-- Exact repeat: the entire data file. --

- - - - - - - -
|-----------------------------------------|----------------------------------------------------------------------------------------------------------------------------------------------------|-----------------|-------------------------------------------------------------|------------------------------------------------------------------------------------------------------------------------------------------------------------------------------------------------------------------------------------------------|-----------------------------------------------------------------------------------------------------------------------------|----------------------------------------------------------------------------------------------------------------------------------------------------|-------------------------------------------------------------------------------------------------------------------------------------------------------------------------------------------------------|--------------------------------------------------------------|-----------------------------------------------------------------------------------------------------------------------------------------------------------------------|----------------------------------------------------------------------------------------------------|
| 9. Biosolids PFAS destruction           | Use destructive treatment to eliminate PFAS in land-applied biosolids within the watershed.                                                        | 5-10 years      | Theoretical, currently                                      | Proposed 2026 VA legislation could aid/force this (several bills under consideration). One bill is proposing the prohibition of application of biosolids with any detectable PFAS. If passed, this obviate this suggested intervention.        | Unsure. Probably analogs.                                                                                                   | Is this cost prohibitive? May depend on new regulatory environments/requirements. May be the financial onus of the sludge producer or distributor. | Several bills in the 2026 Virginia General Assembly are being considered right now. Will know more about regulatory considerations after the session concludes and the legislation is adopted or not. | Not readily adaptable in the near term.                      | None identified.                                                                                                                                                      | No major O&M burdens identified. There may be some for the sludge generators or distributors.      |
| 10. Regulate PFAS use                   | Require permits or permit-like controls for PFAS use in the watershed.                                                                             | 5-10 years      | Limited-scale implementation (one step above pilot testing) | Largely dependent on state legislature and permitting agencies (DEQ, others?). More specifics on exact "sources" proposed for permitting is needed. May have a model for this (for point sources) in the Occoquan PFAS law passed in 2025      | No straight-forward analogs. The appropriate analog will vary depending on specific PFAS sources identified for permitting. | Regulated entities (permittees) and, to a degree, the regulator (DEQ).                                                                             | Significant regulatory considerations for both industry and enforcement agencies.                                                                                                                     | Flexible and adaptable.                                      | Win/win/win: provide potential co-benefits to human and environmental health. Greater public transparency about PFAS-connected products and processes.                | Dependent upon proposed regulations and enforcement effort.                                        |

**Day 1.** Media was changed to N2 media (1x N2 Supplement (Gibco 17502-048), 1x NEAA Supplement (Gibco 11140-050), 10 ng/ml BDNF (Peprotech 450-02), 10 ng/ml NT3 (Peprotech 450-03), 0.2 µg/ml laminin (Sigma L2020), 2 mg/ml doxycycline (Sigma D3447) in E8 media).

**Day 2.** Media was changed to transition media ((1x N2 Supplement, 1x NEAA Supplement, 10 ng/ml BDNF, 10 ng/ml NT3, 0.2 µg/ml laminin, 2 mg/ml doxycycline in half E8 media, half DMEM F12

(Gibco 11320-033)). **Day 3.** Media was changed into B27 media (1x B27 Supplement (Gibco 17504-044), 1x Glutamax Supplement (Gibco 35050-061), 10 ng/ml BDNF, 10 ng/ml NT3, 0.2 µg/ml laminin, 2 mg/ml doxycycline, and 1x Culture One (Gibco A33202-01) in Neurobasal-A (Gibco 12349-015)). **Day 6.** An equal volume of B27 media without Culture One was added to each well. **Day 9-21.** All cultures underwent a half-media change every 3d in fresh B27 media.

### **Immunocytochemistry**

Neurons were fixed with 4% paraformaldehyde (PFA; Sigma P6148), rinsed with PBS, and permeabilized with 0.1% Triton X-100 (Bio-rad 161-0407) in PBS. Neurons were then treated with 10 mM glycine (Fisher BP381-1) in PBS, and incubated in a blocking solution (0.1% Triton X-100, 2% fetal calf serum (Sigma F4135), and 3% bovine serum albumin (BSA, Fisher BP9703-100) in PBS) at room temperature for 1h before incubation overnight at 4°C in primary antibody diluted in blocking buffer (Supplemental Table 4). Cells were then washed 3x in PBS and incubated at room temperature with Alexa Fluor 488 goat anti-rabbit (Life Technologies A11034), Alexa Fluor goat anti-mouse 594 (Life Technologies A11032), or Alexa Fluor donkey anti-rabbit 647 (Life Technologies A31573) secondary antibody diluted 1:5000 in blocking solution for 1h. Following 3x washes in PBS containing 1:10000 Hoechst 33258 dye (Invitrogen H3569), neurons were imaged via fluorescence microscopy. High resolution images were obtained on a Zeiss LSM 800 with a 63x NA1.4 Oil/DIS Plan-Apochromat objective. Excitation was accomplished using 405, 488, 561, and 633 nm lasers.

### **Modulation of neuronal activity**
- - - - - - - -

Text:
|-----------------------------------------|----------------------------------------------------------------------------------------------------------------------------------------------------|-----------------|-------------------------------------------------------------|------------------------------------------------------------------------------------------------------------------------------------------------------------------------------------------------------------------------------------------------|-----------------------------------------------------------------------------------------------------------------------------|----------------------------------------------------------------------------------------------------------------------------------------------------|-------------------------------------------------------------------------------------------------------------------------------------------------------------------------------------------------------|--------------------------------------------------------------|-----------------------------------------------------------------------------------------------------------------------------------------------------------------------|----------------------------------------------------------------------------------------------------|
| 9. Biosolids PFAS destruction           | Use destructive treatment to eliminate PFAS in land-applied biosolids within the watershed.                                                        | 5-10 years      | Theoretical, currently                                      | Proposed 2026 VA legislation could aid/force this (several bills under consideration). One bill is proposing the prohibition of application of biosolids with any detectable PFAS. If passed, this obviate this suggested intervention.        | Unsure. Probably analogs.                                                                                                   | Is this cost prohibitive? May depend on new regulatory environments/requirements. May be the financial onus of the sludge producer or distributor. | Several bills in the 2026 Virginia General Assembly are being considered right now. Will know more about regulatory considerations after the session concludes and the legislation is adopted or not. | Not readily adaptable in the near term.                      | None identified.                                                                                                                                                      | No major O&M burdens identified. There may be some for the sludge generators or distributors.      |
| 10. Regulate PFAS use                   | Require permits or permit-like controls for PFAS use in the watershed.                                                                             | 5-10 years      | Limited-scale implementation (one step above pilot testing) | Largely dependent on state legislature and permitting agencies (DEQ, others?). More specifics on exact "sources" proposed for permitting is needed. May have a model for this (for point sources) in the Occoquan PFAS law passed in 2025      | No straight-forward analogs. The appropriate analog will vary depending on specific PFAS sources identified for permitting. | Regulated entities (permittees) and, to a degree, the regulator (DEQ).                                                                             | Significant regulatory considerations for both industry and enforcement agencies.                                                                                                                     | Flexible and adaptable.                                      | Win/win/win: provide potential co-benefits to human and environmental health. Greater public transparency about PFAS-connected products and processes.                | Dependent upon proposed regulations and enforcement effort.                                        |

**Day 1.** Media was changed to N2 media (1x N2 Supplement (Gibco 17502-048), 1x NEAA Supplement (Gibco 11140-050), 10 ng/ml BDNF (Peprotech 450-02), 10 ng/ml NT3 (Peprotech 450-03), 0.2 µg/ml laminin (Sigma L2020), 2 mg/ml doxycycline (Sigma D3447) in E8 media).

**Day 2.** Media was changed to transition media ((1x N2 Supplement, 1x NEAA Supplement, 10 ng/ml BDNF, 10 ng/ml NT3, 0.2 µg/ml laminin, 2 mg/ml doxycycline in half E8 media, half DMEM F12

(Gibco 11320-033)). **Day 3.** Media was changed into B27 media (1x B27 Supplement (Gibco 17504-044), 1x Glutamax Supplement (Gibco 35050-061), 10 ng/ml BDNF, 10 ng/ml NT3, 0.2 µg/ml laminin, 2 mg/ml doxycycline, and 1x Culture One (Gibco A33202-01) in Neurobasal-A (Gibco 12349-015)). **Day 6.** An equal volume of B27 media without Culture One was added to each well. **Day 9-21.** All cultures underwent a half-media change every 3d in fresh B27 media.

### **Immunocytochemistry**

Neurons were fixed with 4% paraformaldehyde (PFA; Sigma P6148), rinsed with PBS, and permeabilized with 0.1% Triton X-100 (Bio-rad 161-0407) in PBS. Neurons were then treated with 10 mM glycine (Fisher BP381-1) in PBS, and incubated in a blocking solution (0.1% Triton X-100, 2% fetal calf serum (Sigma F4135), and 3% bovine serum albumin (BSA, Fisher BP9703-100) in PBS) at room temperature for 1h before incubation overnight at 4°C in primary antibody diluted in blocking buffer (Supplemental Table 4). Cells were then washed 3x in PBS and incubated at room temperature with Alexa Fluor 488 goat anti-rabbit (Life Technologies A11034), Alexa Fluor goat anti-mouse 594 (Life Technologies A11032), or Alexa Fluor donkey anti-rabbit 647 (Life Technologies A31573) secondary antibody diluted 1:5000 in blocking solution for 1h. Following 3x washes in PBS containing 1:10000 Hoechst 33258 dye (Invitrogen H3569), neurons were imaged via fluorescence microscopy. High resolution images were obtained on a Zeiss LSM 800 with a 63x NA1.4 Oil/DIS Plan-Apochromat objective. Excitation was accomplished using 405, 488, 561, and 633 nm lasers.

### **Modulation of neuronal activity**